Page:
Our second reading calls Christ “The firstborn of the dead.” So, what is the significance of saying he is the firstborn of the dead?

When the crowds acclaimed Jesus as their king on Palm Sunday they did it by greeting him as the Son of David. That tells us that his claim to kingship was similar to David’s claim. We can fix on what that claim was by checking on the scene in Second Samuel when the leaders of the twelve tribes declared David their king. We read, “All the tribes of Israel came to David in Hebron and said, “Here we are, your bone and your flesh.”

The Bible follows the ancient idea of kingship where it belongs to the founder of a new race or to one who is his direct descendent. All the people who later came to live in that land came to see him as the link which that had them related to each other.

Let me describe something similar that I repeatedly came across in my dozen years in Korea’s farmland. In America we have hear each politician identifying themselves as the true friend of the American people. What we hear in Korea is a little different.  They don’t call themselves the Korean people. They call themselves the Korean paiksung. That translates to them calling themselves the  Korean Hundred-Names. 

While there are fifty thousand different family names in America, there are only a hundred of them in Korea. We know the common ones like Kim, Pak, Choe, Lee; and they believe that all Korean individuals with the same family name had the same ancestor.They believe that there were a hundred pioneers who three thousand years ago settled on different parts of their peninsula. 

After all these centuries, old people in each of Korea's hundred clans is still aware of the man among them who is the direct descendent of its original founder, of the pioneer who landed of their shore.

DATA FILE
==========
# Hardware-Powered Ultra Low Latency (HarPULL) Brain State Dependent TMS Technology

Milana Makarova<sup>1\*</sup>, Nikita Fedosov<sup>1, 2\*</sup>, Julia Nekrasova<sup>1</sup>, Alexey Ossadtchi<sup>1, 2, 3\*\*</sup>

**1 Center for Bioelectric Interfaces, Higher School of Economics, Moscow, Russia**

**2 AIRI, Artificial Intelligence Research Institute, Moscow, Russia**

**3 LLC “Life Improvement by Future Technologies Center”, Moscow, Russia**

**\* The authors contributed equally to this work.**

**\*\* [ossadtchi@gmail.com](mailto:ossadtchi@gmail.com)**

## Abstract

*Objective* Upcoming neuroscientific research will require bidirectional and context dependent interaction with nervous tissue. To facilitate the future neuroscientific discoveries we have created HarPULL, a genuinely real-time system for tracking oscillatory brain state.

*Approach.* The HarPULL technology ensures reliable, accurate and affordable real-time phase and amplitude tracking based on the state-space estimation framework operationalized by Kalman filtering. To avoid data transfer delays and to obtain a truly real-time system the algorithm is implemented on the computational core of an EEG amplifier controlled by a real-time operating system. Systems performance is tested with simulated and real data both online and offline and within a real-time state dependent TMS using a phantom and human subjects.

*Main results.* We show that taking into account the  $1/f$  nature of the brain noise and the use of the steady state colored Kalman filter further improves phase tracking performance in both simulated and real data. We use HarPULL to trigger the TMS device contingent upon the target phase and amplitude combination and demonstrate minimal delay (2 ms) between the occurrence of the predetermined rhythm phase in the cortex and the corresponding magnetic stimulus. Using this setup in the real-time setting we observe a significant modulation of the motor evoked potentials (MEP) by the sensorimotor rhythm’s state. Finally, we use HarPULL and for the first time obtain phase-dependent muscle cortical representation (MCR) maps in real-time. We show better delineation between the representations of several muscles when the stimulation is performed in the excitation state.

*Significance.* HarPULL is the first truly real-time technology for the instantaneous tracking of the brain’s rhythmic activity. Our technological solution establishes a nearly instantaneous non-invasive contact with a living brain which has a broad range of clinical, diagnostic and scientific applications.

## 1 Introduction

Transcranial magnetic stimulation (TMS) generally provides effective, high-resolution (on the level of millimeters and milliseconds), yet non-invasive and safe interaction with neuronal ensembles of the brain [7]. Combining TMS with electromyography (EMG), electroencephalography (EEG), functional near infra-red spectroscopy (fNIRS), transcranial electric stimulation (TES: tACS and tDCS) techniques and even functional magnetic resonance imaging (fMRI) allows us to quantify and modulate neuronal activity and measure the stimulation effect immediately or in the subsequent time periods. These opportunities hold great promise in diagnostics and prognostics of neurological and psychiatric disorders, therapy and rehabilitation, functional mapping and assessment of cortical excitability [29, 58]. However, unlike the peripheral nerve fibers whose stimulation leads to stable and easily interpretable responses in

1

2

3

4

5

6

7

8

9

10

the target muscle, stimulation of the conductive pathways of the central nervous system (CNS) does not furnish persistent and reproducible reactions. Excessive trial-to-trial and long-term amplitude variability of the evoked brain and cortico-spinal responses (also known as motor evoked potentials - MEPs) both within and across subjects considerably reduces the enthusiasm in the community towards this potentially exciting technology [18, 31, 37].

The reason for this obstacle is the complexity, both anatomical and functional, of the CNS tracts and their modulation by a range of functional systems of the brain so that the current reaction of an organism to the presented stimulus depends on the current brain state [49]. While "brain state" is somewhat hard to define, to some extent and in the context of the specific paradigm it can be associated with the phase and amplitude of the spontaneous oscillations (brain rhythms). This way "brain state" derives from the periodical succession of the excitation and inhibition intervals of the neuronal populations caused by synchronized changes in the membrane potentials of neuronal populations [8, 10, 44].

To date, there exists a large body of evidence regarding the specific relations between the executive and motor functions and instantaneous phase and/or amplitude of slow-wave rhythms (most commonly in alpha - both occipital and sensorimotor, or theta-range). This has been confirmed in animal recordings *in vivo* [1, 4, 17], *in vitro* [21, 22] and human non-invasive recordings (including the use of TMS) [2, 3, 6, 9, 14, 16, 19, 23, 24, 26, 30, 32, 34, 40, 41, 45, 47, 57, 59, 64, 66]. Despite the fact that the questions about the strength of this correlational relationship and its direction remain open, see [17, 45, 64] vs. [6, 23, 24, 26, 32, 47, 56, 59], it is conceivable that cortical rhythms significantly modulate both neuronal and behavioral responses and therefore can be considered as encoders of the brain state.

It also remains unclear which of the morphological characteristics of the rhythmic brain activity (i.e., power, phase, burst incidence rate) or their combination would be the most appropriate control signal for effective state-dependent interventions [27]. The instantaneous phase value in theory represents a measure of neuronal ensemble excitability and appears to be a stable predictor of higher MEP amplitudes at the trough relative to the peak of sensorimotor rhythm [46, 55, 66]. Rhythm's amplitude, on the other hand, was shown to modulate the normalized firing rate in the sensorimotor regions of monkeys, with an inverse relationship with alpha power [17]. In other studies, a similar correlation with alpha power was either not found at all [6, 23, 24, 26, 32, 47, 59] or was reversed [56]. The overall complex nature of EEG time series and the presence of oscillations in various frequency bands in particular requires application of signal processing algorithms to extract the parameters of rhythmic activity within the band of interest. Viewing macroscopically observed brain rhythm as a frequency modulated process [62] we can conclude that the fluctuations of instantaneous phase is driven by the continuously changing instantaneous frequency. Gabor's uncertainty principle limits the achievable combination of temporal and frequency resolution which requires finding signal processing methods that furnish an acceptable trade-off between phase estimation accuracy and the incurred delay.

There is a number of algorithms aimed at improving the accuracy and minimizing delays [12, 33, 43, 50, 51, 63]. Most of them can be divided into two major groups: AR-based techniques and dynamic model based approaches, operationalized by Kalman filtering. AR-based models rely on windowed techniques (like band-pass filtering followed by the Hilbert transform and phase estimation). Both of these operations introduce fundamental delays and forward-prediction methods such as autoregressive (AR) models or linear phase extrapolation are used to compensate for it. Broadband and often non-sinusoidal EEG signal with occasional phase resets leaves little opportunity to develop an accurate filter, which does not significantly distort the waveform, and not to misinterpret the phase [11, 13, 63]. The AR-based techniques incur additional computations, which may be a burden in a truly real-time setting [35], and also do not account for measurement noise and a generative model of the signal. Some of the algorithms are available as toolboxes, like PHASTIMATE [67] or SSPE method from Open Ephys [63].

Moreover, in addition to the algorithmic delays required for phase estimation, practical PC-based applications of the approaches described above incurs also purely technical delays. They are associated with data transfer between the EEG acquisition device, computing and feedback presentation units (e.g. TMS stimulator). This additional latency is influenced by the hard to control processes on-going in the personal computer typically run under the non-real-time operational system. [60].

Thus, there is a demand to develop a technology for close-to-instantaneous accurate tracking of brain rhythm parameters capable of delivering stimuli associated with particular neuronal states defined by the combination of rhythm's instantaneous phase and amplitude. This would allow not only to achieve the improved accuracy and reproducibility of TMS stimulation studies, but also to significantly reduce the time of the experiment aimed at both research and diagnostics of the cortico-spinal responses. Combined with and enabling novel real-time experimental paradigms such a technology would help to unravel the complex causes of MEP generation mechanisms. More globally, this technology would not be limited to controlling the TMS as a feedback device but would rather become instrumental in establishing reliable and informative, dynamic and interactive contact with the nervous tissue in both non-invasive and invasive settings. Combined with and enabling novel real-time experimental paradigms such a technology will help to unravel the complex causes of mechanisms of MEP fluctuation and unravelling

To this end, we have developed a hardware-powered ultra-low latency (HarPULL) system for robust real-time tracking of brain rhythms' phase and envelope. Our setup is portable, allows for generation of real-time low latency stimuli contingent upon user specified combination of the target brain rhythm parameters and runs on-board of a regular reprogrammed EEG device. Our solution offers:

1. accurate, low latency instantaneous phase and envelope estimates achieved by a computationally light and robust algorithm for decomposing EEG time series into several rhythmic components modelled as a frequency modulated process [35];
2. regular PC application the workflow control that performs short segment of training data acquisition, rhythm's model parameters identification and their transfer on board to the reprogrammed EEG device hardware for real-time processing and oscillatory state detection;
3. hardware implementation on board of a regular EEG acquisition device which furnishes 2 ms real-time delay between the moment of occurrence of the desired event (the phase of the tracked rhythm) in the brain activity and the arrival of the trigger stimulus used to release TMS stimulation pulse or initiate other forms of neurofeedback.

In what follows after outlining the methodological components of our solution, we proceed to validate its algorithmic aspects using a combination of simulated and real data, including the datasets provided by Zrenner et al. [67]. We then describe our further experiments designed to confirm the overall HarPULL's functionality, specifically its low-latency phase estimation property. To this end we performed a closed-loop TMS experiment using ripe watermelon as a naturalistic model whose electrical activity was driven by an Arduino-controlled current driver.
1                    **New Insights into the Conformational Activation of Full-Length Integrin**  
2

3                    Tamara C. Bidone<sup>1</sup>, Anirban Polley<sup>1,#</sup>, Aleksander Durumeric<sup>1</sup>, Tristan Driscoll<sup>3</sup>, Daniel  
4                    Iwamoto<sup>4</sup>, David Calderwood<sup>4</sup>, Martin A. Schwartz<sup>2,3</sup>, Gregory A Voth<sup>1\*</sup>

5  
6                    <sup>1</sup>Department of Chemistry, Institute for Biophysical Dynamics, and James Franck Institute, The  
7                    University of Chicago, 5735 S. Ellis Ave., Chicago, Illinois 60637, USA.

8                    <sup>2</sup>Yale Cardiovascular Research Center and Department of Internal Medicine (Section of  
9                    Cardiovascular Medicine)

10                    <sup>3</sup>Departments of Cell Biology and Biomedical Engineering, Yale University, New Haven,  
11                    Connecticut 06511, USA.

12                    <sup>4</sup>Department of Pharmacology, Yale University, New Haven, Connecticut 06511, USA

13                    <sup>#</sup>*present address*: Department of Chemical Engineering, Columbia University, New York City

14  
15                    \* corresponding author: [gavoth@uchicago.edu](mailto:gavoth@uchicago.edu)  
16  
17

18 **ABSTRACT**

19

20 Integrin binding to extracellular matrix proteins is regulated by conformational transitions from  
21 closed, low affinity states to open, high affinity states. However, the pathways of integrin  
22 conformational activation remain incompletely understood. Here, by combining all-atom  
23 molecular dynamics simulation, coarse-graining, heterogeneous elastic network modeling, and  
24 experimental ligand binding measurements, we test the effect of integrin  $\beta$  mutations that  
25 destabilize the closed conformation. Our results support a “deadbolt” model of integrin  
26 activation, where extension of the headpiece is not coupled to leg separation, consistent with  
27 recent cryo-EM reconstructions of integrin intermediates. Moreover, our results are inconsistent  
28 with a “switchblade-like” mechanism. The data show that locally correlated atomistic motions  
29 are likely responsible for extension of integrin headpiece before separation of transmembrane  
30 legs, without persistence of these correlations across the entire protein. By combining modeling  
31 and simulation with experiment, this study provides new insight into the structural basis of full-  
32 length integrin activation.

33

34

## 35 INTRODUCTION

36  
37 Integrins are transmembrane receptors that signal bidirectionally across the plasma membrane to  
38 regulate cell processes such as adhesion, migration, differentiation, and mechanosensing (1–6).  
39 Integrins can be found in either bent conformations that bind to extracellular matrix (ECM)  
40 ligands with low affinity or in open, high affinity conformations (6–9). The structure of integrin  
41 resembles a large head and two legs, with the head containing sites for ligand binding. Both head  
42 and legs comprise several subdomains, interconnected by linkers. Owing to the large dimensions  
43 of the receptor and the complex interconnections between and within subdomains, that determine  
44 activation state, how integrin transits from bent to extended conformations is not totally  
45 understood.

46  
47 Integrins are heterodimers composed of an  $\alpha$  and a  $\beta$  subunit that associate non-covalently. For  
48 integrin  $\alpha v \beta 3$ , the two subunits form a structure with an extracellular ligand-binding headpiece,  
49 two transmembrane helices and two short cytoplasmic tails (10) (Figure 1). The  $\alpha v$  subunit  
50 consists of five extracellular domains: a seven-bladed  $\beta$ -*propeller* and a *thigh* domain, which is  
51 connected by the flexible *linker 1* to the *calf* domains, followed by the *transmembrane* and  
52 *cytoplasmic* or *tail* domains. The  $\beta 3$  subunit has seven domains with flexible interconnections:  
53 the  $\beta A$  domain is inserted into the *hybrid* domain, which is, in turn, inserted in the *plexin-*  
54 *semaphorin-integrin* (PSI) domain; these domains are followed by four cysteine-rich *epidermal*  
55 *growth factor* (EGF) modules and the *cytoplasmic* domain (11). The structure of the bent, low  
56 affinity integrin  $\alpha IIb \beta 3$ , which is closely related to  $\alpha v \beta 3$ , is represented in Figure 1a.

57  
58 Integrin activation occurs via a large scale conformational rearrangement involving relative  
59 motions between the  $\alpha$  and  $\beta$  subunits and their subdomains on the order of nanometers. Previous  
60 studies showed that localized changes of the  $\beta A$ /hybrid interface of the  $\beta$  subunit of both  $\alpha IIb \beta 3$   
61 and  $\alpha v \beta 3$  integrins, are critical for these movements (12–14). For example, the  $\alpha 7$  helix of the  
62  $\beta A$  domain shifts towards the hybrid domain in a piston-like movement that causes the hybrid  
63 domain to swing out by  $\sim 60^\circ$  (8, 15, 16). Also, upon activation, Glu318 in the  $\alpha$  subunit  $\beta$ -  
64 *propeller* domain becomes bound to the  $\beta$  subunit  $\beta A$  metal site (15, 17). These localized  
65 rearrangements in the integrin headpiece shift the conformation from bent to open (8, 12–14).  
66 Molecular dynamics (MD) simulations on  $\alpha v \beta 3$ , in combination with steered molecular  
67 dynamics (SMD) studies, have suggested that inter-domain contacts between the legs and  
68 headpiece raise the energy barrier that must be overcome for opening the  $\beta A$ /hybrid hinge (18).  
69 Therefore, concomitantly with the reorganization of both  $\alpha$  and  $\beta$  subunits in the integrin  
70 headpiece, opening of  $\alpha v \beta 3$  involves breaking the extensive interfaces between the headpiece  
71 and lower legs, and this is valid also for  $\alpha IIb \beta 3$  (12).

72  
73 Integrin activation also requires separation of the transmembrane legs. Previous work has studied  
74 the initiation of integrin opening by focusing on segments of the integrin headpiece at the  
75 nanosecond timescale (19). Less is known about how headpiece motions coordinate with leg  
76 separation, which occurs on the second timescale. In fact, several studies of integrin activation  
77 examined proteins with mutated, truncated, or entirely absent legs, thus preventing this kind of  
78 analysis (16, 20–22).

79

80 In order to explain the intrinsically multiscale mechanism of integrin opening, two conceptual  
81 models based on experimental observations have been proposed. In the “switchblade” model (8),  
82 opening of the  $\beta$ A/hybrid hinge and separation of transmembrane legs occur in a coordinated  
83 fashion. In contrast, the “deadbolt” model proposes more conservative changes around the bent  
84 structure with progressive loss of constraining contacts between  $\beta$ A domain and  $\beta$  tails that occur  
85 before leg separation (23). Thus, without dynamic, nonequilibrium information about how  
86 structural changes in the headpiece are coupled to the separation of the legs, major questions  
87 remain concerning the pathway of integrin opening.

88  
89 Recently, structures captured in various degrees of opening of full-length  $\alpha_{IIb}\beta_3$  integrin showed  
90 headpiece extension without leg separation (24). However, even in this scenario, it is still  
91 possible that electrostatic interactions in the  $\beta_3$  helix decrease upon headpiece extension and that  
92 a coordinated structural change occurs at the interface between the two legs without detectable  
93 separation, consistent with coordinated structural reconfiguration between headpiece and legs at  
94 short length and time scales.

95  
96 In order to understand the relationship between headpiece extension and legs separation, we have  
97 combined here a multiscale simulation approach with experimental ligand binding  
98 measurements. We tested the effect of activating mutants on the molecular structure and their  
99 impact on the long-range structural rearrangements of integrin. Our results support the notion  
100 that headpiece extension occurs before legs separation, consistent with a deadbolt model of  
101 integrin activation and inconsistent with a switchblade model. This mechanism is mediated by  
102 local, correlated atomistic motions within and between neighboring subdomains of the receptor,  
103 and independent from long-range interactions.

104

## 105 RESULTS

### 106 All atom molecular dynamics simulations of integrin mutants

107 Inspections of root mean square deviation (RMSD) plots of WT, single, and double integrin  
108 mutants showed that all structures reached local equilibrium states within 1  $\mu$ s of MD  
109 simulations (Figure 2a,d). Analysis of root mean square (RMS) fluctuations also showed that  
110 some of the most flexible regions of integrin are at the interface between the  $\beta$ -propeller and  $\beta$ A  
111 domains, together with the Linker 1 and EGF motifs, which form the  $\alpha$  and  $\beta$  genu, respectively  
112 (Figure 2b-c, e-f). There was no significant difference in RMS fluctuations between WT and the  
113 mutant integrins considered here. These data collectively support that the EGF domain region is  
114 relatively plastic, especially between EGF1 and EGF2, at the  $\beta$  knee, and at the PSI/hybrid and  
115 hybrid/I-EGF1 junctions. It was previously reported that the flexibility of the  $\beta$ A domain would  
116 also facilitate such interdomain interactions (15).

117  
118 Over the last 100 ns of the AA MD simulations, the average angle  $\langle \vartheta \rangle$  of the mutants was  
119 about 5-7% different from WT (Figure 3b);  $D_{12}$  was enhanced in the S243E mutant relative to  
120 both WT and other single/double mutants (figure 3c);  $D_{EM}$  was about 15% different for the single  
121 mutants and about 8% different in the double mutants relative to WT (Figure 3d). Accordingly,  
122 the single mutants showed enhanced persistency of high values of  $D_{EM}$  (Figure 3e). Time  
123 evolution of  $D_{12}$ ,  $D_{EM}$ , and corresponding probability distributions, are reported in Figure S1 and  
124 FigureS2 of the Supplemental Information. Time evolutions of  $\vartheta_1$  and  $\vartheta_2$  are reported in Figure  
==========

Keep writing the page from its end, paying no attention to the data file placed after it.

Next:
While I was in Korea fifty years ago, I often saw the yearly gathering of people with the same name. They would come together at the home of the man who was the direct descendent of the first of that name to land on Korea's shore.  They would say to him, as the leaders of the tribes said to David, “Here we are your bone and your flesh.”

So, in the same way,  we honor Christ the King because he is “The firstborn of the dead.” He is the first of our race to land on heaven’s shore. As the first reading puts it, “He has made us into a kingdom.” 

Jesus told us that our ancestors are alive with God.

Saturday, 11/21/15

Some Catholics keep this day as the feast of the Presentation of the child Mary in the Temple. It is a scene that many Renaissance artists commemorated in beautiful paintings. However, since there is no record of its every having happened, you might want to turn your attention to the Gospel.

In Our lord’s time, every faction in Jerusalem was so troubled by the crowds favoring Jesus over them that they jointly agreed on fining a way of using the law to get rid of him.

After the failure of one group after another, the strangest group of all, the Sadducees, took a shot at it. They qualified as being Jewish, in that they took pride in being descended from Abraham Isaac, and Jacob; but they did not believe in an after-life.

Their strategy was to get Our Lord’s belief in the afterlife make him look ridiculous to the crowds.

Now, the Jews had a custom by which, if a married man died without a son to carry on his name, another of his brothers would need to take on his widow until she bore a son for her dead husband. It was called, “The Law of the Brother-in-law.”